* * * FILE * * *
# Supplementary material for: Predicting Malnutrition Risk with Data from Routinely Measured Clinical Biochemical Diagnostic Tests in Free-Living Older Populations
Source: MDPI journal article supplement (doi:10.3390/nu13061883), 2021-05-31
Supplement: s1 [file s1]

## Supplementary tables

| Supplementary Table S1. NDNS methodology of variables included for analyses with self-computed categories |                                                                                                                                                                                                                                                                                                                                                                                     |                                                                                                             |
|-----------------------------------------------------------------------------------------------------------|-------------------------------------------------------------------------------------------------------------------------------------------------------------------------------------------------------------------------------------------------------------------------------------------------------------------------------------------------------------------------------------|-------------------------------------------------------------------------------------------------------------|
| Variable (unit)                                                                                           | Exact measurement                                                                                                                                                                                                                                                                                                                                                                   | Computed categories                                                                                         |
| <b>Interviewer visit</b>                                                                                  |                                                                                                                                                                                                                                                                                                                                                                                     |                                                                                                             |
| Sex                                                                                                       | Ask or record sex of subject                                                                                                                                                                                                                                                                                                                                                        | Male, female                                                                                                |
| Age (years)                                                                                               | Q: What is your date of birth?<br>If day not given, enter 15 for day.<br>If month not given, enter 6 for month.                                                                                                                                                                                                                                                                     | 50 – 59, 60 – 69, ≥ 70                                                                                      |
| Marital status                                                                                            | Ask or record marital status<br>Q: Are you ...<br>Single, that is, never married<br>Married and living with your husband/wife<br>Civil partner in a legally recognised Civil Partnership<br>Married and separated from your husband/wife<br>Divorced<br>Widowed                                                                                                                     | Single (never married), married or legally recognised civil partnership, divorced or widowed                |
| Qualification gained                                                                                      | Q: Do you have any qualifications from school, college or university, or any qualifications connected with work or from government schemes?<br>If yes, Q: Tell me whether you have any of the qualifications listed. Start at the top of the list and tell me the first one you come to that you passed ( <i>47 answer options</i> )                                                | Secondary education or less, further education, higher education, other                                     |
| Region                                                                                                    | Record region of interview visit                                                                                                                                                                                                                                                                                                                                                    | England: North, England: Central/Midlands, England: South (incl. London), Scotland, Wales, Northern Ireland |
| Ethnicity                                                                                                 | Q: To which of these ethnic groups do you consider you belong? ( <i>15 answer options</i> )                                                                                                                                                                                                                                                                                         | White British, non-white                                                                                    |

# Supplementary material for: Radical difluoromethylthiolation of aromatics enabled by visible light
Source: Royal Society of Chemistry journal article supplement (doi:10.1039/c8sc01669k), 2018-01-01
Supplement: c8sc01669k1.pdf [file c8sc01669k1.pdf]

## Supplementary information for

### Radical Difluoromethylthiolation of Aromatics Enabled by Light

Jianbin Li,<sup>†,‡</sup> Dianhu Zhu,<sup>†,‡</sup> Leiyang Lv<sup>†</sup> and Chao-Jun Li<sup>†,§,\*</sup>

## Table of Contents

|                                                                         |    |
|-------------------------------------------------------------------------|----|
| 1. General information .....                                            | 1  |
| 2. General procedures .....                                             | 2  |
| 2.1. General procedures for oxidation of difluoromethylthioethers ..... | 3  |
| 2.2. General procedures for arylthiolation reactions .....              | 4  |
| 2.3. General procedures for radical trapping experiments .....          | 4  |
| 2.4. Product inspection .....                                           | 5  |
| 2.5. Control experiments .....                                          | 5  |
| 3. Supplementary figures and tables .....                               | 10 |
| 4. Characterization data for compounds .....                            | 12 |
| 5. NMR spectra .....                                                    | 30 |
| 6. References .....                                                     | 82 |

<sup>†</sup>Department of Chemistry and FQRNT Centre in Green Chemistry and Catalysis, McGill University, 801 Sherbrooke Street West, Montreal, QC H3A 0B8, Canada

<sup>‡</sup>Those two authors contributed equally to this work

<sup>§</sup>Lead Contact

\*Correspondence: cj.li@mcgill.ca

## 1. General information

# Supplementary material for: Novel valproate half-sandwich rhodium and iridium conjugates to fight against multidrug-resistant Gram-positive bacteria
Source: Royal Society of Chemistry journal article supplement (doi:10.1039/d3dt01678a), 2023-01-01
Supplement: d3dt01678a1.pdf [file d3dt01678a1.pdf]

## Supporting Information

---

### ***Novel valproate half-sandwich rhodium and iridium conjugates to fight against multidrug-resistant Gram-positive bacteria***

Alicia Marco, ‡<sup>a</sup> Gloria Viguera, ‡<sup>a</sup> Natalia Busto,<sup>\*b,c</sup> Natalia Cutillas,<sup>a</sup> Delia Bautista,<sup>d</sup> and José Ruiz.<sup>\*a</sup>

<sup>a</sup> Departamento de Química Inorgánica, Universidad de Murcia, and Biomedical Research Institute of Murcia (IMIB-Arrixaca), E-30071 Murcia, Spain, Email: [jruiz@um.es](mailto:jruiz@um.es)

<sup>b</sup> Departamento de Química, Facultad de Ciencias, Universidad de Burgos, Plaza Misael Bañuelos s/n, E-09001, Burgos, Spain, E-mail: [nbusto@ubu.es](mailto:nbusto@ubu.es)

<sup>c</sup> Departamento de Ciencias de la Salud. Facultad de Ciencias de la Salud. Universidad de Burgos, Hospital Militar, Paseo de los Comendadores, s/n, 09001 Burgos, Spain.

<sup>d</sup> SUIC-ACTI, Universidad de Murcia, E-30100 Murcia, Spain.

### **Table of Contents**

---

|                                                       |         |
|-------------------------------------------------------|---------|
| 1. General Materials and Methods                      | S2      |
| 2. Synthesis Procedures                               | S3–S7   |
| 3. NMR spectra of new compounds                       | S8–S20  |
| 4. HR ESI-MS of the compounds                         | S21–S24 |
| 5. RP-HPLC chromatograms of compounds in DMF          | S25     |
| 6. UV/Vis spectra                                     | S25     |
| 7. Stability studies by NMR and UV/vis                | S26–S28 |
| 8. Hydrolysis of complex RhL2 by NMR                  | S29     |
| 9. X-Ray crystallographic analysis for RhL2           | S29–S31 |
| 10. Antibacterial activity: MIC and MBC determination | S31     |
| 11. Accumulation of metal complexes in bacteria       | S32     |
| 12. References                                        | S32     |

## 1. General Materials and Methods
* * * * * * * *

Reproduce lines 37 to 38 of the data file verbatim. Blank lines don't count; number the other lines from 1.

<sup>§</sup>Lead Contact

\*Correspondence: cj.li@mcgill.ca